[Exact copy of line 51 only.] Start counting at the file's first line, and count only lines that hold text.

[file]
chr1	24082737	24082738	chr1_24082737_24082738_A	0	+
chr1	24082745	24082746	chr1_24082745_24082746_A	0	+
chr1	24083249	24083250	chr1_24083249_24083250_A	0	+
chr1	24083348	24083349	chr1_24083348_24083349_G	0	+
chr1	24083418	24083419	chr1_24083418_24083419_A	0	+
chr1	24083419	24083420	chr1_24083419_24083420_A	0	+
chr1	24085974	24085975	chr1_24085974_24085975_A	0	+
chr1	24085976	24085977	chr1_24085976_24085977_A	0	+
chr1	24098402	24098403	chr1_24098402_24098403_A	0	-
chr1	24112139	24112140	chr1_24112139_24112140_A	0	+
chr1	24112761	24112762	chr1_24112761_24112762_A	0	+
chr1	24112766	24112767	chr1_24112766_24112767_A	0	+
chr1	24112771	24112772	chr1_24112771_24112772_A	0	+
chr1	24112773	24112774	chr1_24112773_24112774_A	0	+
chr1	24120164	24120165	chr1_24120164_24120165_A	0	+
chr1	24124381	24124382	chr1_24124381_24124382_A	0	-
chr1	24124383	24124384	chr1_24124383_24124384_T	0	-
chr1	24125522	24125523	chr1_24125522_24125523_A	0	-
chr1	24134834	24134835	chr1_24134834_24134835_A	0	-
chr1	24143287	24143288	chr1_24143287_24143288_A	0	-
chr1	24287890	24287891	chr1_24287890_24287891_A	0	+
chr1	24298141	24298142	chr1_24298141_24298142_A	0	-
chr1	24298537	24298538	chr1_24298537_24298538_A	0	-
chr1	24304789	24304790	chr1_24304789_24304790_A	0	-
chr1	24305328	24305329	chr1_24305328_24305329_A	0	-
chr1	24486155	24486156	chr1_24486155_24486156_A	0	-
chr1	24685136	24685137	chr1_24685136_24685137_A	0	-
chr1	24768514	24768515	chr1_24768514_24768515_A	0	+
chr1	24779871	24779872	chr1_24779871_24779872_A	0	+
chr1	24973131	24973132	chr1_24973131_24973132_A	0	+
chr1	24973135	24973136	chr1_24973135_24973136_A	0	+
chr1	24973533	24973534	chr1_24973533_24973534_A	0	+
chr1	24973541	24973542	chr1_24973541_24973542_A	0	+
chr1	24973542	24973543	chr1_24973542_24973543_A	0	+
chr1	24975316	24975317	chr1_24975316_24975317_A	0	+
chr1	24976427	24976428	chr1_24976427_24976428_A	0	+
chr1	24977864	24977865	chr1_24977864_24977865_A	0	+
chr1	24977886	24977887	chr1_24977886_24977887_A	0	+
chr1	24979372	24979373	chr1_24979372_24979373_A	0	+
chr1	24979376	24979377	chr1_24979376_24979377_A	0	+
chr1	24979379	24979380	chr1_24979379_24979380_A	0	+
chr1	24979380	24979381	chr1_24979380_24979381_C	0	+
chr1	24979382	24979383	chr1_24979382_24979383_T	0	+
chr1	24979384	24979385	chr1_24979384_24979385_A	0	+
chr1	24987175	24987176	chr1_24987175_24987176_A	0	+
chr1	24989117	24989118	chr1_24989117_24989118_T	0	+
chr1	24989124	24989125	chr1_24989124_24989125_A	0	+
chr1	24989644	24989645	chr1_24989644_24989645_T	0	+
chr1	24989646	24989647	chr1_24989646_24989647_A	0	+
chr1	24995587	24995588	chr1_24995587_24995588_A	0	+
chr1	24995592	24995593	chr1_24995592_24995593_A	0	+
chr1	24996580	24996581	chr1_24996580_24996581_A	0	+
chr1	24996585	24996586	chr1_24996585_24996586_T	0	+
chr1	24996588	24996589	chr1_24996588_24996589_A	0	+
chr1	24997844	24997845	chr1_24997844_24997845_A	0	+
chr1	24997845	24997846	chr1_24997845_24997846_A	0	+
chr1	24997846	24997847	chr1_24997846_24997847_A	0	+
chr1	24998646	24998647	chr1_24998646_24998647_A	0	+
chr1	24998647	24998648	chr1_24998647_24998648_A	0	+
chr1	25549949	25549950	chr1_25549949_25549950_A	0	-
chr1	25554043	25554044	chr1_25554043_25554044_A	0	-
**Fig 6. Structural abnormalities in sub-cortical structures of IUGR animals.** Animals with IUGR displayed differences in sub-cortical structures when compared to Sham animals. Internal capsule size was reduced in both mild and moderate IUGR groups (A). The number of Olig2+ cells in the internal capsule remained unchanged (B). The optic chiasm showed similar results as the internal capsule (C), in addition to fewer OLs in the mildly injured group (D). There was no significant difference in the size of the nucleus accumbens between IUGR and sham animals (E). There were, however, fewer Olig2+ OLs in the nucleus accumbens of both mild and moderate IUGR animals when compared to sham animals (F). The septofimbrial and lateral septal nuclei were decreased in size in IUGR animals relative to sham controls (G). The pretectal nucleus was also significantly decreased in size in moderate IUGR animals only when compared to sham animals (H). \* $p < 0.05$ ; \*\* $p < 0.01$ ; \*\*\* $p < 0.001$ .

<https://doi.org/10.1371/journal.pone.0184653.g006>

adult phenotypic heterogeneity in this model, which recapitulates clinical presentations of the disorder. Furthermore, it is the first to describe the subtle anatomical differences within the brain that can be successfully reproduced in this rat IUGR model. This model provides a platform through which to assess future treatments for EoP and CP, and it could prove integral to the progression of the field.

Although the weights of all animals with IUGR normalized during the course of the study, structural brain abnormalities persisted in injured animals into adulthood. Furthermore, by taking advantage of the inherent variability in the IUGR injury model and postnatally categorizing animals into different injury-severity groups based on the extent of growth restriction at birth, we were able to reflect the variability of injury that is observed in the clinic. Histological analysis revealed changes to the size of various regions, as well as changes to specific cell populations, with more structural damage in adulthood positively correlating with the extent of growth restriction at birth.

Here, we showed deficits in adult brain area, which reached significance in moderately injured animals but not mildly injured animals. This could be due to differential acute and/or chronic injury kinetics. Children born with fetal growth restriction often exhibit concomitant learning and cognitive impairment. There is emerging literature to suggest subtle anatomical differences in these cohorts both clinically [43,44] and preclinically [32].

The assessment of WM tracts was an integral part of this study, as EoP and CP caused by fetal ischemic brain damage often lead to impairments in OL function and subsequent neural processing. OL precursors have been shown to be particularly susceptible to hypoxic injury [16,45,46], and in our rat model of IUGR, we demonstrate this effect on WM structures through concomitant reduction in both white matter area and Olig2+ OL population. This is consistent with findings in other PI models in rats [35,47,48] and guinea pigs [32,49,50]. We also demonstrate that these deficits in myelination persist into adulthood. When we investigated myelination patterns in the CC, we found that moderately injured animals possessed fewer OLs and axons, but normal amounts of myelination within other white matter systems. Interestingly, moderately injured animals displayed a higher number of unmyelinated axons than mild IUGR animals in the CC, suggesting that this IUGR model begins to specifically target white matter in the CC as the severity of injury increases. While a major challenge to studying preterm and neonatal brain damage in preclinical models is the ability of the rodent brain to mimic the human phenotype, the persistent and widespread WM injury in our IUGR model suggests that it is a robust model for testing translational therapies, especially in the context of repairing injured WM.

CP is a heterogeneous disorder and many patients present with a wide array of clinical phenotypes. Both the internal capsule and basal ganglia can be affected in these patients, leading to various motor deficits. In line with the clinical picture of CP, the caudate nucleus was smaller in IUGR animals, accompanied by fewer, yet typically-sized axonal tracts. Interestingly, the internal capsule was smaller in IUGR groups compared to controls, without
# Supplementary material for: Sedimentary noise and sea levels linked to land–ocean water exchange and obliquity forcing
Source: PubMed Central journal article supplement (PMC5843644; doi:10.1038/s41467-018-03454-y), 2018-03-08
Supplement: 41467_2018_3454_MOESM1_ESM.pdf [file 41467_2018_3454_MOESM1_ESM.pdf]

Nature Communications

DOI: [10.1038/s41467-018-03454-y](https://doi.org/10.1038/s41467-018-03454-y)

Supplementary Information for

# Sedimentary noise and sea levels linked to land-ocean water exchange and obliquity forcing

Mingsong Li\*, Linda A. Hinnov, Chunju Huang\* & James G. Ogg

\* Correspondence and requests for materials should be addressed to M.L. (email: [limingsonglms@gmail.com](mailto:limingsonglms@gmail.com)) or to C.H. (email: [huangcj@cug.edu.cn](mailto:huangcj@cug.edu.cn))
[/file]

chr1	24995592	24995593	chr1_24995592_24995593_A	0	+